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ISSN: 2157-7013
Journal of Cell Science & Therapy

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Cytokines, Chemokines, and ?Marshalling for War?

Gloria J Morris*

Department of Medicine, Division of Hematology/Oncology, The Tisch Cancer Institute, The Mount Sinai Hospital, The Mount Sinai School of Medicine, New York, NY, USA

*Corresponding Author:
Gloria J Morris, M.D, Ph.D
Department of Medicine, Division of Hematology/Oncology
The Tisch Cancer Institute, The Mount Sinai Hospital
The Mount Sinai School of Medicine, New York, USA
E-mail:[email protected]

Received date: June 25, 2012; Accepted date: June 27, 2012; Published date: June 29, 2012

Citation: Morris GJ (2012) Cytokines, Chemokines, and “Marshalling for War”. J Cell Sci Ther S5:e001. doi: 10.4172/2157-7013.S5-e001

Copyright: © 2012 Morris GJ. This is an open-access article distributed under the terms of the Creative Commons Attribution License, which permits unrestricted use, distribution, and reproduction in any medium, provided the original author and source are credited.

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Chemokines are peptides that are secreted by epithelial cells, stromal endothelial cells and fibroblasts, and leukocytes, which attract and actively recruit leukocytes to areas of inflammation. They are recruited to fight infection as a host response to foreign organisms, and also have been shown to play a role not only in host response to tumor and cancer-related inflammation, but also a role in promoting cancer metastases and invasion [1,2].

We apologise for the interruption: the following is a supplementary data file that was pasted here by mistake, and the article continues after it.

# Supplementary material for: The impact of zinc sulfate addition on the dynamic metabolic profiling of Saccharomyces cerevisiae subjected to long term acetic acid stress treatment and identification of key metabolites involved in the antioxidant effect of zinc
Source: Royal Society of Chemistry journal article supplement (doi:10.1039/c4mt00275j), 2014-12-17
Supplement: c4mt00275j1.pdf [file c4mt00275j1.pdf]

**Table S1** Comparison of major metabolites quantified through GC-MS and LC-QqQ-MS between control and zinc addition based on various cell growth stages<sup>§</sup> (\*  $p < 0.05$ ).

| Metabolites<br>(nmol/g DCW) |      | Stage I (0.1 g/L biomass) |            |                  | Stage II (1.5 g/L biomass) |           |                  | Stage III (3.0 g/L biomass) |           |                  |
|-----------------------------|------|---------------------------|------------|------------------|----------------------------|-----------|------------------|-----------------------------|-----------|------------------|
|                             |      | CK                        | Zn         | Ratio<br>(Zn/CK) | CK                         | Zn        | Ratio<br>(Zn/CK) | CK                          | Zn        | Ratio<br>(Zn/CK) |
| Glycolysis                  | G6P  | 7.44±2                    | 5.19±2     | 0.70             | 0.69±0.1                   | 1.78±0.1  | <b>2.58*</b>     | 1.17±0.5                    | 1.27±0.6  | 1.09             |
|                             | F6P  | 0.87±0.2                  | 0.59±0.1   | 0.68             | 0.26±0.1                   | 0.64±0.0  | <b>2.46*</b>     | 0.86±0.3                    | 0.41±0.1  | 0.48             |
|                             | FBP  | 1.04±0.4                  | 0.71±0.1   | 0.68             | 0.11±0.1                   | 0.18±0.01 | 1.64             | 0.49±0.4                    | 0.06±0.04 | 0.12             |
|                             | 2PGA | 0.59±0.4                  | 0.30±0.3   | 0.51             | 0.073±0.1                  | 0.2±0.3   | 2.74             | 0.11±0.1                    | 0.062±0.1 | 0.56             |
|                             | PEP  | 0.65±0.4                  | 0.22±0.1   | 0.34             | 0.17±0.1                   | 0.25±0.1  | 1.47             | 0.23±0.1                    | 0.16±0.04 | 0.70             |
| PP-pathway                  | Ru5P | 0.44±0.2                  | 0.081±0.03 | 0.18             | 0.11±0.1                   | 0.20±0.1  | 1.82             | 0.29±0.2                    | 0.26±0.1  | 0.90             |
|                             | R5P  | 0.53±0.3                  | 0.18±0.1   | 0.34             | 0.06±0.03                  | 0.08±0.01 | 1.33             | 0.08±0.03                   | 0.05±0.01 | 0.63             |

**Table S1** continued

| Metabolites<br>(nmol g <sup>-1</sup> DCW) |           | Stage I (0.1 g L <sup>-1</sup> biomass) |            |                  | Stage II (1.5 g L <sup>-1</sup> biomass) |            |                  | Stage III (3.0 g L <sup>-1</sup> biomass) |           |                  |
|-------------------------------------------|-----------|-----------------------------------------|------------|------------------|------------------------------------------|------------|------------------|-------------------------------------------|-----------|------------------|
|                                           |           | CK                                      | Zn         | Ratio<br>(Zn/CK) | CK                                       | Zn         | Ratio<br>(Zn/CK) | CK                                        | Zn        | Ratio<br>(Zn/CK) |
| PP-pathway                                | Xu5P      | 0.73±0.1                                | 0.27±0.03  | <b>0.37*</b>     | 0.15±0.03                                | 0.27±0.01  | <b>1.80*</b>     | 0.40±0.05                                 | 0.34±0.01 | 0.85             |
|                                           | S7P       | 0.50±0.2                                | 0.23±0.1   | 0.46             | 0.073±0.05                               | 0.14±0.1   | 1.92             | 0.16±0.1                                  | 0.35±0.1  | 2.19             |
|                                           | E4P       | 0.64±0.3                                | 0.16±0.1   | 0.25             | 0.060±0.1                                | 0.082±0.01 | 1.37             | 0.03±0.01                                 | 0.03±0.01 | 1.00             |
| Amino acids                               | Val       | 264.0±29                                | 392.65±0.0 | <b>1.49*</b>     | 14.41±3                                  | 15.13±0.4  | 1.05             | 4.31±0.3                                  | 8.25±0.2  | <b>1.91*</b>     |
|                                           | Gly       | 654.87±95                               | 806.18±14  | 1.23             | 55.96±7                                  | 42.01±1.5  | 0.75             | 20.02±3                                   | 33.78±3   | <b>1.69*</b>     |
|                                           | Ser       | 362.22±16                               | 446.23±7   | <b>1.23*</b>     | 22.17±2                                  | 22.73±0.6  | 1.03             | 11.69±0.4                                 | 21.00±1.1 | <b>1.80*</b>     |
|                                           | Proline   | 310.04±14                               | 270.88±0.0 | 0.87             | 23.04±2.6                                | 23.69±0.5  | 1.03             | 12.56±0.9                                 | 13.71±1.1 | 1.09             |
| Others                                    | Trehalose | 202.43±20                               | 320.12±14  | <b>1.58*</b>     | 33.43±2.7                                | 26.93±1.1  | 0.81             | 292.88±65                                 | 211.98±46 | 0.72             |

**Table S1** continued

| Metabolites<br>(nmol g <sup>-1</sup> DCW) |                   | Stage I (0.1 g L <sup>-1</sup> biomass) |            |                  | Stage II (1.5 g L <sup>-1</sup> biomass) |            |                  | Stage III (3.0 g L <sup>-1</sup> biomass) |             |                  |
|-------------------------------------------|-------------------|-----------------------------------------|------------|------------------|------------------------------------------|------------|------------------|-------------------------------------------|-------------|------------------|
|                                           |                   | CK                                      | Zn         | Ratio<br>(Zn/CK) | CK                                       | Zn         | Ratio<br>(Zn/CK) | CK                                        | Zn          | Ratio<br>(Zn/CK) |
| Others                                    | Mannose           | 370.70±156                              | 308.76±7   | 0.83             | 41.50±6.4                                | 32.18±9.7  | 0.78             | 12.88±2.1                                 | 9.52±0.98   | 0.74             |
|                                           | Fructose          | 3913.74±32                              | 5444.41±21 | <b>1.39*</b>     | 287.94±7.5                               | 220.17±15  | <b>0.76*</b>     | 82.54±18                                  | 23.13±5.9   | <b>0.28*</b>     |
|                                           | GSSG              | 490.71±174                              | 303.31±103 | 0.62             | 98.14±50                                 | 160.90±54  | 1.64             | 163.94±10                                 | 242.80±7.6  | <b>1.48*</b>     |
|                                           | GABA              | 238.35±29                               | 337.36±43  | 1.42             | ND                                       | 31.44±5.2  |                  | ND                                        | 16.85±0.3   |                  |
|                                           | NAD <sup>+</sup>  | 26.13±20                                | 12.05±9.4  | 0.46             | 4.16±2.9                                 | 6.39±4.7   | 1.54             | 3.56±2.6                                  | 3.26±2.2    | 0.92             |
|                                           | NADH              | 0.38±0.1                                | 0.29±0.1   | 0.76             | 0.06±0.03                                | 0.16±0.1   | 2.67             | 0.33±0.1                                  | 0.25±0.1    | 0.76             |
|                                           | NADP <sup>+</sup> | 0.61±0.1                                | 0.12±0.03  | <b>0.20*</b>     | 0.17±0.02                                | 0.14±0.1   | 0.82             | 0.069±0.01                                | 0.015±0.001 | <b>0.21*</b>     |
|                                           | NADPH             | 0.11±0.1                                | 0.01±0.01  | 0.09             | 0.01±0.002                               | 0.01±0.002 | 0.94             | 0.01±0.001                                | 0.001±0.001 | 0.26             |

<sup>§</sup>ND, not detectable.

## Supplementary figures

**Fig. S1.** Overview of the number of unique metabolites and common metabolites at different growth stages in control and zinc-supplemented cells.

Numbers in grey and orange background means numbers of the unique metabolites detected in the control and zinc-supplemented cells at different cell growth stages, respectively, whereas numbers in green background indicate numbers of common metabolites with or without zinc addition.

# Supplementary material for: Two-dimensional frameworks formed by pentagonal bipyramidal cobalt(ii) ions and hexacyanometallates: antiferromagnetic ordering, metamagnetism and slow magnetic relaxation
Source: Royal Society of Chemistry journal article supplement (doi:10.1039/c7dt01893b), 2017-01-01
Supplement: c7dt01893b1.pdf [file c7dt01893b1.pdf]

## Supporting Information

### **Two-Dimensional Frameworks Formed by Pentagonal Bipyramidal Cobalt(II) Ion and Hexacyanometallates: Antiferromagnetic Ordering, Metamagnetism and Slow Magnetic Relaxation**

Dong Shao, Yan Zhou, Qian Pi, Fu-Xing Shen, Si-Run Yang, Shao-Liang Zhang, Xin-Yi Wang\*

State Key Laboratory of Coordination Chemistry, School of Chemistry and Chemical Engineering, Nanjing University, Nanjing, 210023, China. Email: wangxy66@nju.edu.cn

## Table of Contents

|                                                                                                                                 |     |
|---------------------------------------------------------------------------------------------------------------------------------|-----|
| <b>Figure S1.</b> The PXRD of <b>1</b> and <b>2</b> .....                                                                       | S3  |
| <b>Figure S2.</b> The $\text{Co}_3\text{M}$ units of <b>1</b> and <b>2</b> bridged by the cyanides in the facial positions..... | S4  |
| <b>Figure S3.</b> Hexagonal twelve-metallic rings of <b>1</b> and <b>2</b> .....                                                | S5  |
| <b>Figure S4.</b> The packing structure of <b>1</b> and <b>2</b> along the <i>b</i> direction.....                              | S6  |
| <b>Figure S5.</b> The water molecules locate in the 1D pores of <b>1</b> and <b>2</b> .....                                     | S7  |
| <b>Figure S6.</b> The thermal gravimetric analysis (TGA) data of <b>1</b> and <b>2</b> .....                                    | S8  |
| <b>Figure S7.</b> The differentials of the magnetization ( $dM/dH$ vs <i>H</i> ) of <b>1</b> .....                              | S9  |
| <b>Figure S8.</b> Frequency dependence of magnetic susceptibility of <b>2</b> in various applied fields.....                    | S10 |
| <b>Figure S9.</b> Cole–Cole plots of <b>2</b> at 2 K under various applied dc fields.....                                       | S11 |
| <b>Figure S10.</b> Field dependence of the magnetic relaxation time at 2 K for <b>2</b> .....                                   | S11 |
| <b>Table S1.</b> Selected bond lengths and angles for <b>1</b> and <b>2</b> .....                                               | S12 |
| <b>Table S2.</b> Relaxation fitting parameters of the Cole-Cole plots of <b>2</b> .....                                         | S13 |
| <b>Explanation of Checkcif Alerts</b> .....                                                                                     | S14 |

In this Special Issue of the Journal of Cell Science and Therapy, four articles on cytokine research are highlighted, and their impacts on the response(s) of the immune system are contextualized. Two reports discuss stimulating the immune system to either fight disease or protect the host against the effects of disease treatment. Specifically, Nicolete and Nicolete [3] report new technology employing a biodegradable micro particulate system stimulating the release of leukotriene LTB4 to the lungs, thus enhancing a strategy to boost host defense against specific airway infection from fungal histoplasmosis. Logani et al. [4] review the effects of millimeter wave therapy (MMWT) utilized in Russia and Eastern Europe as treatment of disease, and propose its use as a complementary therapeutic modality to boost the immune system when chemotherapy and/or radiotherapy is used to treat cancer. Based on experimental studies where MMWT has been shown to reduce the spread of melanoma [5]; the authors discuss their findings that MMWT can enhance T-cell mediated immunity, and accelerate recovery of NK cell activity in mice treated with chemotherapy, as associated with the restoration of spontaneous release of TNF-α by peritoneal macrophages.